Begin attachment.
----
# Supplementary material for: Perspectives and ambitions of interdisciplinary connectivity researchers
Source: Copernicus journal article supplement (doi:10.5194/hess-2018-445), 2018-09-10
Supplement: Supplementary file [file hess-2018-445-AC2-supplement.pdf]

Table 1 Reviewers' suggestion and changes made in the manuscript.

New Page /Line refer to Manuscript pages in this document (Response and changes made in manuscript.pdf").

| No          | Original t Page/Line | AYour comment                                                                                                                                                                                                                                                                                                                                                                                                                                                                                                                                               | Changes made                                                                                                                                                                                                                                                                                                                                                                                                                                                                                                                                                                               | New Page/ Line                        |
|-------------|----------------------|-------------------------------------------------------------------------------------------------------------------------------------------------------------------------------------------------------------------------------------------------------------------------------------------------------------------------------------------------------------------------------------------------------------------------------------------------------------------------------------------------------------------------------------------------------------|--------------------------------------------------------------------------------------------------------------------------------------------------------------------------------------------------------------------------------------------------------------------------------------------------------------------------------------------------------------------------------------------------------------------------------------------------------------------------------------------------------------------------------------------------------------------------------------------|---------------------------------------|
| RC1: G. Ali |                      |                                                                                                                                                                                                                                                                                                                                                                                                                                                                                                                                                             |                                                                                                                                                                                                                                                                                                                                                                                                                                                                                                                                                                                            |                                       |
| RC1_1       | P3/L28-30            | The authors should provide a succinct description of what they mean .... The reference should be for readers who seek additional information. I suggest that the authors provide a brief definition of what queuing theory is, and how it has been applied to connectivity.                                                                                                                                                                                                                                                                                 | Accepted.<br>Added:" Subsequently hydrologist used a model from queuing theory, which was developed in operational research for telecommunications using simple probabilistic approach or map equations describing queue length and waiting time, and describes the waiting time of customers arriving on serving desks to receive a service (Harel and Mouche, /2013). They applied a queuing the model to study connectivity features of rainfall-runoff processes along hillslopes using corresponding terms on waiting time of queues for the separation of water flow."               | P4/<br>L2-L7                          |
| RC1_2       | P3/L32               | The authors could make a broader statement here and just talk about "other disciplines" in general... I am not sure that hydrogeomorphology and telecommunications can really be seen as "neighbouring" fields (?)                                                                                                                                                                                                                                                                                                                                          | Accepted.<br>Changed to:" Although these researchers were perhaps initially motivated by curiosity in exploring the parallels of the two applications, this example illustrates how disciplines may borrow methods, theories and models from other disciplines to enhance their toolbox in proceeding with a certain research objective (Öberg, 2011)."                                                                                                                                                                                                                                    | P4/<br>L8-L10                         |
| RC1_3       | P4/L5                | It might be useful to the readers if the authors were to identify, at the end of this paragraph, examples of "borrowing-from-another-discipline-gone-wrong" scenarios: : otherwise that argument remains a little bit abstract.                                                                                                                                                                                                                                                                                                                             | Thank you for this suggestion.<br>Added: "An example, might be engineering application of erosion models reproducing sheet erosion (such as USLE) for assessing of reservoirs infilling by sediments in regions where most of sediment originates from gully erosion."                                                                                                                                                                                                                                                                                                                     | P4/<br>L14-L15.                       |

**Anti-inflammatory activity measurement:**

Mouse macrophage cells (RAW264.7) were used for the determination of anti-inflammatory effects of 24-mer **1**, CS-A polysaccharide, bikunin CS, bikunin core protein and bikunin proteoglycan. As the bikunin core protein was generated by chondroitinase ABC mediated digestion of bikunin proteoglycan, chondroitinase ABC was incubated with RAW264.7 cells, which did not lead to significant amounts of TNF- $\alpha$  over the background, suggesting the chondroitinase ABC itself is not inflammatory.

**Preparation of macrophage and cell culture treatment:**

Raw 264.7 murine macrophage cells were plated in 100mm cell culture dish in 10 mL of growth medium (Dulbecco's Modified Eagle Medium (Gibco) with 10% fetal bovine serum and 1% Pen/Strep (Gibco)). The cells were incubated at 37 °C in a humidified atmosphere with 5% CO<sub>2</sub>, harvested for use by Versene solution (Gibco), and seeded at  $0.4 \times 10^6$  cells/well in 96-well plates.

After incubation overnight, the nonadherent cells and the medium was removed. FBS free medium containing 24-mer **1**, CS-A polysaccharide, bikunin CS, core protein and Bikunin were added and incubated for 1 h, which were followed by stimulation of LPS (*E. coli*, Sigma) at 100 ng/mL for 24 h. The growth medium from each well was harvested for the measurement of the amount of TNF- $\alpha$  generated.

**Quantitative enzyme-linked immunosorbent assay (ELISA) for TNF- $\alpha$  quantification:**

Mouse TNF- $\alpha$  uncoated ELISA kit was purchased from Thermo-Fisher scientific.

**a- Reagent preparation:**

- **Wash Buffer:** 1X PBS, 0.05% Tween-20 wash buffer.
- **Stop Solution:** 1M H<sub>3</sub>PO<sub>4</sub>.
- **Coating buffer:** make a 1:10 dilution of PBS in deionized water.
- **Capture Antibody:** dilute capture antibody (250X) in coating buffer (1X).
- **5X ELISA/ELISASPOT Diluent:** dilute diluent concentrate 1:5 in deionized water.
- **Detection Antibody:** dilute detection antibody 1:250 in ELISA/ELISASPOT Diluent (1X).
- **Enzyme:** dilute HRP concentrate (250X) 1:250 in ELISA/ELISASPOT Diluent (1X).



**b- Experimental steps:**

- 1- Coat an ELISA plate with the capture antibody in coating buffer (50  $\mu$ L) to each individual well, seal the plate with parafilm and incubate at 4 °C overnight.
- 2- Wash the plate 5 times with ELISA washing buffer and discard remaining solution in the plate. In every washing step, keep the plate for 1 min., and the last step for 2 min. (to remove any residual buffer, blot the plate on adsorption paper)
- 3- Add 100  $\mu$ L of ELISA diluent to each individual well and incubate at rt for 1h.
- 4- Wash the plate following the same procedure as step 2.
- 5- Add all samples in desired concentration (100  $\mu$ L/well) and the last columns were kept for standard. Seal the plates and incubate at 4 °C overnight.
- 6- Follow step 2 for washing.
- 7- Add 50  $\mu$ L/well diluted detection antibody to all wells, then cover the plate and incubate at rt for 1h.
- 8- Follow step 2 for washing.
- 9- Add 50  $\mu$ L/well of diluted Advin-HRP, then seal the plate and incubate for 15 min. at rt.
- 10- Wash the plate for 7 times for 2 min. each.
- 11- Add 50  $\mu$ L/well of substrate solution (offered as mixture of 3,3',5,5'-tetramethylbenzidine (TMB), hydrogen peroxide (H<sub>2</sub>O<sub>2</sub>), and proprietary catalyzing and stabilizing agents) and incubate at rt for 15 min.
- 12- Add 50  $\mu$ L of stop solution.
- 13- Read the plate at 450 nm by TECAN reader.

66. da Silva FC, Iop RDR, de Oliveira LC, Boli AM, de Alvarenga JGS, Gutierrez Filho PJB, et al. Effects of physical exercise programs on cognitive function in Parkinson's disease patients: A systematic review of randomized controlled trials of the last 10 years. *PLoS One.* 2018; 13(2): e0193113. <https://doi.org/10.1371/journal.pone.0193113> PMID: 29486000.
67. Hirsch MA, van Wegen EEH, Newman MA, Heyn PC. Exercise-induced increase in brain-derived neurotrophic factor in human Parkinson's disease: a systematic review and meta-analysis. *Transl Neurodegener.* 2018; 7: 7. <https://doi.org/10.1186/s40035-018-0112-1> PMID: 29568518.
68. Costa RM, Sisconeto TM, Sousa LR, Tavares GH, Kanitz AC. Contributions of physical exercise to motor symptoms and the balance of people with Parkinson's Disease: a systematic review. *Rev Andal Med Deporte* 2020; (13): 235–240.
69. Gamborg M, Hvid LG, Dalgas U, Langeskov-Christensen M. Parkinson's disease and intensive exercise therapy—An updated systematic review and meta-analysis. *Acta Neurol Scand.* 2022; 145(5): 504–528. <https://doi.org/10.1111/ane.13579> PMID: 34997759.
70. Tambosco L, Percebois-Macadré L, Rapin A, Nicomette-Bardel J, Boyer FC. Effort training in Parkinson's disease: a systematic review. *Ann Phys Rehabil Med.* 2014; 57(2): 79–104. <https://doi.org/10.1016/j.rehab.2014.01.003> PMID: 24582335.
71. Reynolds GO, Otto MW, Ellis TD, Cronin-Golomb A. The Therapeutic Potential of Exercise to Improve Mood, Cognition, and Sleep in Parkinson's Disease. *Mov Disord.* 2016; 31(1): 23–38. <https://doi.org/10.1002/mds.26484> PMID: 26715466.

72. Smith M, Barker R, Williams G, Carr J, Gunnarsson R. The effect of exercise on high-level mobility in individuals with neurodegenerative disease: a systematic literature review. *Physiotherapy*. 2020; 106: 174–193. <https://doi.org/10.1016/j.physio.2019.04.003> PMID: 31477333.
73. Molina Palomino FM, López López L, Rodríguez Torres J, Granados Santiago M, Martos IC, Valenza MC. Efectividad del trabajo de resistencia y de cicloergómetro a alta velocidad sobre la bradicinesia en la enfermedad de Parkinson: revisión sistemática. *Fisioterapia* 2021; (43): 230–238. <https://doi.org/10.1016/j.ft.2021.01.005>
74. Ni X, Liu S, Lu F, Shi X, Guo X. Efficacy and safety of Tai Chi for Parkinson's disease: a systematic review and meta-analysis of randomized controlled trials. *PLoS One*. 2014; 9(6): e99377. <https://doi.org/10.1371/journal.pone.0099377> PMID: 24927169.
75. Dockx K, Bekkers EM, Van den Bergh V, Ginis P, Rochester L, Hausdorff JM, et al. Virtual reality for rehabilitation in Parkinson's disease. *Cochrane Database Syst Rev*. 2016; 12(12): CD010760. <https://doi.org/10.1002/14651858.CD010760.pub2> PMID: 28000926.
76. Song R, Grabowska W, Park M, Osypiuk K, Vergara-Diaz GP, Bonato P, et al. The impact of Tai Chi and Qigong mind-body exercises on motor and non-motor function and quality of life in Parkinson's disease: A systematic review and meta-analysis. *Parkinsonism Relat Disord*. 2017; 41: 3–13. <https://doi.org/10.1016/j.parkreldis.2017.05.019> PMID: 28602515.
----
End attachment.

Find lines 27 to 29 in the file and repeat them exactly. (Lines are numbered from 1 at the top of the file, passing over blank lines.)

**b- Experimental steps:**

- 1- Coat an ELISA plate with the capture antibody in coating buffer (50  $\mu$ L) to each individual well, seal the plate with parafilm and incubate at 4 °C overnight.
- 2- Wash the plate 5 times with ELISA washing buffer and discard remaining solution in the plate. In every washing step, keep the plate for 1 min., and the last step for 2 min. (to remove any residual buffer, blot the plate on adsorption paper)